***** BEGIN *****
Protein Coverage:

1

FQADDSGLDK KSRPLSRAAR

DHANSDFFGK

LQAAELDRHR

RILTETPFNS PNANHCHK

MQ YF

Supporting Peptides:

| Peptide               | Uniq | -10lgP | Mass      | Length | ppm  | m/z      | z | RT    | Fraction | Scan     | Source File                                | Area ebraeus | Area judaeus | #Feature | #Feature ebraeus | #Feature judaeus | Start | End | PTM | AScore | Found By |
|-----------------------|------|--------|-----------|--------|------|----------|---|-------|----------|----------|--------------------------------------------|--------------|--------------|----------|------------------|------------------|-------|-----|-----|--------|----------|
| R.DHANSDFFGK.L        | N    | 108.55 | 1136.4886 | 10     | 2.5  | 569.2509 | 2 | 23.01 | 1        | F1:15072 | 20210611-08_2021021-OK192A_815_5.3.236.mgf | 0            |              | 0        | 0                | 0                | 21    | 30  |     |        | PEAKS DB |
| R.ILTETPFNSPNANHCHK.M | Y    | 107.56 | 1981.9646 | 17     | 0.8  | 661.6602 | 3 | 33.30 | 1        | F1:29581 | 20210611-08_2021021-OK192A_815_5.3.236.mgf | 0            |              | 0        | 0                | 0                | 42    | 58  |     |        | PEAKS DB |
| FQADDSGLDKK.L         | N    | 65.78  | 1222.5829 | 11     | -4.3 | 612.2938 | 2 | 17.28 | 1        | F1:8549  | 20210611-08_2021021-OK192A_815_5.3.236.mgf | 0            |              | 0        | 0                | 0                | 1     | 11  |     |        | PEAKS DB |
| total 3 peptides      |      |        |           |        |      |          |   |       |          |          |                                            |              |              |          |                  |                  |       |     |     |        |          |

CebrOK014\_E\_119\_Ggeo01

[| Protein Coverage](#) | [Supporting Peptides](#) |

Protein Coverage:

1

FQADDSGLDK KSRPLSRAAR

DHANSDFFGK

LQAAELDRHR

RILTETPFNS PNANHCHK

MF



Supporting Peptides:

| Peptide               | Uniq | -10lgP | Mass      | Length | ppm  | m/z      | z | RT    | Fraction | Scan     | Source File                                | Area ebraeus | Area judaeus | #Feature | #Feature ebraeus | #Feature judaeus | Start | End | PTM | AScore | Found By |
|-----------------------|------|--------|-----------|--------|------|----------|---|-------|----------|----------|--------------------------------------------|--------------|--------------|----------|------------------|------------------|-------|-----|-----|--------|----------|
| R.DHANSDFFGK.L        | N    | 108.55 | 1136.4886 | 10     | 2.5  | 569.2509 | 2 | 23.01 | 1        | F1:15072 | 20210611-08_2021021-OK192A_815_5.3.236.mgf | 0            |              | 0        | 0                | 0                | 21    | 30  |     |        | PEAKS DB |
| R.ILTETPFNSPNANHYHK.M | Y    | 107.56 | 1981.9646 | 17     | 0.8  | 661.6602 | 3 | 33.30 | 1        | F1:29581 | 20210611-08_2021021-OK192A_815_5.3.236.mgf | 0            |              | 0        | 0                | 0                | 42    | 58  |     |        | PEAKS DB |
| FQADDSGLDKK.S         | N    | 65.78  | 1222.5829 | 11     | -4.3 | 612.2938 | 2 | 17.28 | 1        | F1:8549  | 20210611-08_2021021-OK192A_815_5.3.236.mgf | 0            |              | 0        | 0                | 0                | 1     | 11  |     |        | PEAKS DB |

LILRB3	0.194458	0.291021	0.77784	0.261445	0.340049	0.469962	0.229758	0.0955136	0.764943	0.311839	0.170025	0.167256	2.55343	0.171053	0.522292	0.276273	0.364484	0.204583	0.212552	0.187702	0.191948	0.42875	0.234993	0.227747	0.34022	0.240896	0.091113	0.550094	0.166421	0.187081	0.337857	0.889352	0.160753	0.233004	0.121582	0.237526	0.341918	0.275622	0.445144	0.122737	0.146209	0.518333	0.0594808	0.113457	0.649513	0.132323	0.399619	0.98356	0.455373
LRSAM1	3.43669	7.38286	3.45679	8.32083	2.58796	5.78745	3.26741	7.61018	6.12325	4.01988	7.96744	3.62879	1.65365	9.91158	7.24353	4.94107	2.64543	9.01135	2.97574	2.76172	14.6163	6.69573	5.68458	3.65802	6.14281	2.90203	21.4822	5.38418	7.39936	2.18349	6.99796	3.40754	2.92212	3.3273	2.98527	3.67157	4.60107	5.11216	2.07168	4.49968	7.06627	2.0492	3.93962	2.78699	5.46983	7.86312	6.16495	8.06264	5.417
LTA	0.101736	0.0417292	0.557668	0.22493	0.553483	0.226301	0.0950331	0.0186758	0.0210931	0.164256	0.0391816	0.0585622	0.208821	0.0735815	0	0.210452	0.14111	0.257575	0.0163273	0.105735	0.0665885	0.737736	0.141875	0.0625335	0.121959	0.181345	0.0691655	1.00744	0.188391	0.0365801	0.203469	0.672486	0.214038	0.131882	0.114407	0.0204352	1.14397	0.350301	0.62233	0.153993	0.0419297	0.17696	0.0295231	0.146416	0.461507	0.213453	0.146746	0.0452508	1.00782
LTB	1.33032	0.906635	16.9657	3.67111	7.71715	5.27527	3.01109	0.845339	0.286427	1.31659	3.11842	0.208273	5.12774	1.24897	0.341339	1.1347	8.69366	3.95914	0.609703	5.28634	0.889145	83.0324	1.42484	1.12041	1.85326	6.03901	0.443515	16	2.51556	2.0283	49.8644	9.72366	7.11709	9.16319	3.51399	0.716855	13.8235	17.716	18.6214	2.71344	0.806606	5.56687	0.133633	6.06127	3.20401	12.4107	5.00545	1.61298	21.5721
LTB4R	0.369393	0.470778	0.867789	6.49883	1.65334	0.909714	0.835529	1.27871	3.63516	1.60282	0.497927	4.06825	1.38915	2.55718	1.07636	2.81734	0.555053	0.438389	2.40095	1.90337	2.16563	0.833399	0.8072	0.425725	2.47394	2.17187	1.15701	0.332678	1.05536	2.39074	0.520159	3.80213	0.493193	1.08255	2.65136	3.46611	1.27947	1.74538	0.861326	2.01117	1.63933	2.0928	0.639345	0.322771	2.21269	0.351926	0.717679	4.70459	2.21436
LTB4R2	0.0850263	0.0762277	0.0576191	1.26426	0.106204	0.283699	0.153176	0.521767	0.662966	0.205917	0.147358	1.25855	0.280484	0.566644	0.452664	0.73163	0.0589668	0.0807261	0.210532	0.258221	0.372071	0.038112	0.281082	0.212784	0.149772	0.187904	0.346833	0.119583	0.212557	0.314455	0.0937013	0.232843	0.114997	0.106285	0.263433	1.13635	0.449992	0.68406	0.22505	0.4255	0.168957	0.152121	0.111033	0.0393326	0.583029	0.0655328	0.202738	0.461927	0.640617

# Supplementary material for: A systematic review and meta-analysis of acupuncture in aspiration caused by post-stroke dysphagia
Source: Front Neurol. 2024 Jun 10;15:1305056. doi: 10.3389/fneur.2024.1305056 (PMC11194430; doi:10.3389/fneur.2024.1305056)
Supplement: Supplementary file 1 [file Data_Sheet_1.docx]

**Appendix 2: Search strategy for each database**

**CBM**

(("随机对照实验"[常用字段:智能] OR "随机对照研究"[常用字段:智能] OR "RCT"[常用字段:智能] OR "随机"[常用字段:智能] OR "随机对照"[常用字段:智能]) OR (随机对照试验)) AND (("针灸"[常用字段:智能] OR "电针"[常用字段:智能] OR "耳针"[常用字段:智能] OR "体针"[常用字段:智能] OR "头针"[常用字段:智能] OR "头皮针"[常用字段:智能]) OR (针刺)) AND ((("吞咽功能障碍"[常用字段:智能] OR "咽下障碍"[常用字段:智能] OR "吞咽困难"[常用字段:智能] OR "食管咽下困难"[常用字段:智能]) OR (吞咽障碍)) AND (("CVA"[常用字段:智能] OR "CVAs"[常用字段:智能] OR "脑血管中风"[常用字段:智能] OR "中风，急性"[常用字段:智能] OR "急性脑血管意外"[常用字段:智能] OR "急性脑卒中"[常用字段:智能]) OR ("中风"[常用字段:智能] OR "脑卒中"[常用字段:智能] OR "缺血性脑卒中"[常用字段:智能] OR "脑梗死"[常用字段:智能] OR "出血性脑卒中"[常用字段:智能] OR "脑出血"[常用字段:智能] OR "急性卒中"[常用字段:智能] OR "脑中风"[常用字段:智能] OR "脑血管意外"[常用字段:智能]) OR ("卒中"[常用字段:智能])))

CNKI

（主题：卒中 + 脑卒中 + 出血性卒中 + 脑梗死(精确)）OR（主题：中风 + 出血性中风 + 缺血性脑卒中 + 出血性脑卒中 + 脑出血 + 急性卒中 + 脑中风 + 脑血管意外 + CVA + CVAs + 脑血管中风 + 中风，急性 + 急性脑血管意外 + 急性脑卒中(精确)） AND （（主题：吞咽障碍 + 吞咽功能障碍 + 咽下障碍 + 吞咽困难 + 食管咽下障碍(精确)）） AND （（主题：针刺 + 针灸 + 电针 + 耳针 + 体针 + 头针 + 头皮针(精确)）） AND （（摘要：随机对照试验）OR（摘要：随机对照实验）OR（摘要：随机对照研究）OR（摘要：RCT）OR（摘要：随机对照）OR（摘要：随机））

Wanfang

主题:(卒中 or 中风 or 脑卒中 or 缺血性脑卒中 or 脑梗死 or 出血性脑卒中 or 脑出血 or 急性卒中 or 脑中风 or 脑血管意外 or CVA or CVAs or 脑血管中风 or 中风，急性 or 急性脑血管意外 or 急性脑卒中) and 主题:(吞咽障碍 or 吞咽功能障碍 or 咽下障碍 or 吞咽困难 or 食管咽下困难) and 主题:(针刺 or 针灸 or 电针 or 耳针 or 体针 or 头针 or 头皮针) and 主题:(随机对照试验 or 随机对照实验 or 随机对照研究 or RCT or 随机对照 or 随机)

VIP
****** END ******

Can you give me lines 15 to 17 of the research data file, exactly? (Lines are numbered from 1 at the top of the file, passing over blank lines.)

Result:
CebrOK014\_E\_119\_Ggeo01

[| Protein Coverage](#) | [Supporting Peptides](#) |

Protein Coverage: